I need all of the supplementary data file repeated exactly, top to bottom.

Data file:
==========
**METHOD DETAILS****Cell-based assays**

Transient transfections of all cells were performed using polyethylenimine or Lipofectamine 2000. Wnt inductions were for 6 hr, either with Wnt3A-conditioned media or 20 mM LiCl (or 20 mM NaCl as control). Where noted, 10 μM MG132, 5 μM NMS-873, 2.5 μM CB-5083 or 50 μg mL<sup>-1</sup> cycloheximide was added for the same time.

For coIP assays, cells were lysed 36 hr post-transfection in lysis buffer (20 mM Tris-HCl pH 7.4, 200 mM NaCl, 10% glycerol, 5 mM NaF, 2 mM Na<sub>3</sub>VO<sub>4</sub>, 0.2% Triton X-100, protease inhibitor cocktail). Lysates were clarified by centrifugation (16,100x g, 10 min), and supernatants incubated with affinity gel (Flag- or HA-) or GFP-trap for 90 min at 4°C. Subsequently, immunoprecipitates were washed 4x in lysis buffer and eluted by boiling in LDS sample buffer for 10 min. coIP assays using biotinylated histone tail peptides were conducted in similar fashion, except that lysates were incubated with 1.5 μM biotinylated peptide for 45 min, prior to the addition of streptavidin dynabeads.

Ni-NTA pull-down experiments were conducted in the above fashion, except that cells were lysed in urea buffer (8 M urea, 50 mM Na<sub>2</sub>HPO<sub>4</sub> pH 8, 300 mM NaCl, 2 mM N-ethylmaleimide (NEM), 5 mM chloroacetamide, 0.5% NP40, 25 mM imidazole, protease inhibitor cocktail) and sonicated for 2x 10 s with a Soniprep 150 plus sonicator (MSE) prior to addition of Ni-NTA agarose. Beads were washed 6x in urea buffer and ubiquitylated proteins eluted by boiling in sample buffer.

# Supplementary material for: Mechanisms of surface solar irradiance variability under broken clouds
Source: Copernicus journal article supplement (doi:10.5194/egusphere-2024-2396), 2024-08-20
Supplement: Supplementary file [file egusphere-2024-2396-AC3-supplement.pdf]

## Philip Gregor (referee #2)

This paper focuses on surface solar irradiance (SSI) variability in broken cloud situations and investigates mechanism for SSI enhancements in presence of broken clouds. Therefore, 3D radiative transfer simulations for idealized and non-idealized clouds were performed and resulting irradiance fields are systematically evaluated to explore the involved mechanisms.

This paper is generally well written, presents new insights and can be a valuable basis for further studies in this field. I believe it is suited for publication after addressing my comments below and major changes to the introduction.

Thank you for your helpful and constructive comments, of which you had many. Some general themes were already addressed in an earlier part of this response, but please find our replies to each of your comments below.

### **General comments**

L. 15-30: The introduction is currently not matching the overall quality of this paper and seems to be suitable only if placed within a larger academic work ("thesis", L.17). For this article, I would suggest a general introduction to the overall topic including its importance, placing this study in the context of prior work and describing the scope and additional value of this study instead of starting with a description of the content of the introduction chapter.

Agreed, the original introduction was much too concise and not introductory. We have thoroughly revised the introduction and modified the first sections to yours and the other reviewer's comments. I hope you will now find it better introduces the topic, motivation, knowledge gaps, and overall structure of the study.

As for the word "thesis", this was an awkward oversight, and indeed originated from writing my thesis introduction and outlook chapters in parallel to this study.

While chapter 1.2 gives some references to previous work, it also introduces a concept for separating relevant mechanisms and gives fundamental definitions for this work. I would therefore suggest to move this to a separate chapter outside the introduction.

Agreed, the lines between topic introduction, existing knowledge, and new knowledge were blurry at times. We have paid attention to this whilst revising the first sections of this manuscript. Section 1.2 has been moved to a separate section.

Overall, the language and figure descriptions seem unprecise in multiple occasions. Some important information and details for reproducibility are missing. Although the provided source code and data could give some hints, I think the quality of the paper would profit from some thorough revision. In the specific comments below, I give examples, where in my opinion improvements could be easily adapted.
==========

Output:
**METHOD DETAILS****Cell-based assays**

Transient transfections of all cells were performed using polyethylenimine or Lipofectamine 2000. Wnt inductions were for 6 hr, either with Wnt3A-conditioned media or 20 mM LiCl (or 20 mM NaCl as control). Where noted, 10 μM MG132, 5 μM NMS-873, 2.5 μM CB-5083 or 50 μg mL<sup>-1</sup> cycloheximide was added for the same time.

For coIP assays, cells were lysed 36 hr post-transfection in lysis buffer (20 mM Tris-HCl pH 7.4, 200 mM NaCl, 10% glycerol, 5 mM NaF, 2 mM Na<sub>3</sub>VO<sub>4</sub>, 0.2% Triton X-100, protease inhibitor cocktail). Lysates were clarified by centrifugation (16,100x g, 10 min), and supernatants incubated with affinity gel (Flag- or HA-) or GFP-trap for 90 min at 4°C. Subsequently, immunoprecipitates were washed 4x in lysis buffer and eluted by boiling in LDS sample buffer for 10 min. coIP assays using biotinylated histone tail peptides were conducted in similar fashion, except that lysates were incubated with 1.5 μM biotinylated peptide for 45 min, prior to the addition of streptavidin dynabeads.

Ni-NTA pull-down experiments were conducted in the above fashion, except that cells were lysed in urea buffer (8 M urea, 50 mM Na<sub>2</sub>HPO<sub>4</sub> pH 8, 300 mM NaCl, 2 mM N-ethylmaleimide (NEM), 5 mM chloroacetamide, 0.5% NP40, 25 mM imidazole, protease inhibitor cocktail) and sonicated for 2x 10 s with a Soniprep 150 plus sonicator (MSE) prior to addition of Ni-NTA agarose. Beads were washed 6x in urea buffer and ubiquitylated proteins eluted by boiling in sample buffer.

# Supplementary material for: Mechanisms of surface solar irradiance variability under broken clouds
Source: Copernicus journal article supplement (doi:10.5194/egusphere-2024-2396), 2024-08-20
Supplement: Supplementary file [file egusphere-2024-2396-AC3-supplement.pdf]

## Philip Gregor (referee #2)

This paper focuses on surface solar irradiance (SSI) variability in broken cloud situations and investigates mechanism for SSI enhancements in presence of broken clouds. Therefore, 3D radiative transfer simulations for idealized and non-idealized clouds were performed and resulting irradiance fields are systematically evaluated to explore the involved mechanisms.

This paper is generally well written, presents new insights and can be a valuable basis for further studies in this field. I believe it is suited for publication after addressing my comments below and major changes to the introduction.

Thank you for your helpful and constructive comments, of which you had many. Some general themes were already addressed in an earlier part of this response, but please find our replies to each of your comments below.

### **General comments**

L. 15-30: The introduction is currently not matching the overall quality of this paper and seems to be suitable only if placed within a larger academic work ("thesis", L.17). For this article, I would suggest a general introduction to the overall topic including its importance, placing this study in the context of prior work and describing the scope and additional value of this study instead of starting with a description of the content of the introduction chapter.

Agreed, the original introduction was much too concise and not introductory. We have thoroughly revised the introduction and modified the first sections to yours and the other reviewer's comments. I hope you will now find it better introduces the topic, motivation, knowledge gaps, and overall structure of the study.

As for the word "thesis", this was an awkward oversight, and indeed originated from writing my thesis introduction and outlook chapters in parallel to this study.

While chapter 1.2 gives some references to previous work, it also introduces a concept for separating relevant mechanisms and gives fundamental definitions for this work. I would therefore suggest to move this to a separate chapter outside the introduction.

Agreed, the lines between topic introduction, existing knowledge, and new knowledge were blurry at times. We have paid attention to this whilst revising the first sections of this manuscript. Section 1.2 has been moved to a separate section.

Overall, the language and figure descriptions seem unprecise in multiple occasions. Some important information and details for reproducibility are missing. Although the provided source code and data could give some hints, I think the quality of the paper would profit from some thorough revision. In the specific comments below, I give examples, where in my opinion improvements could be easily adapted.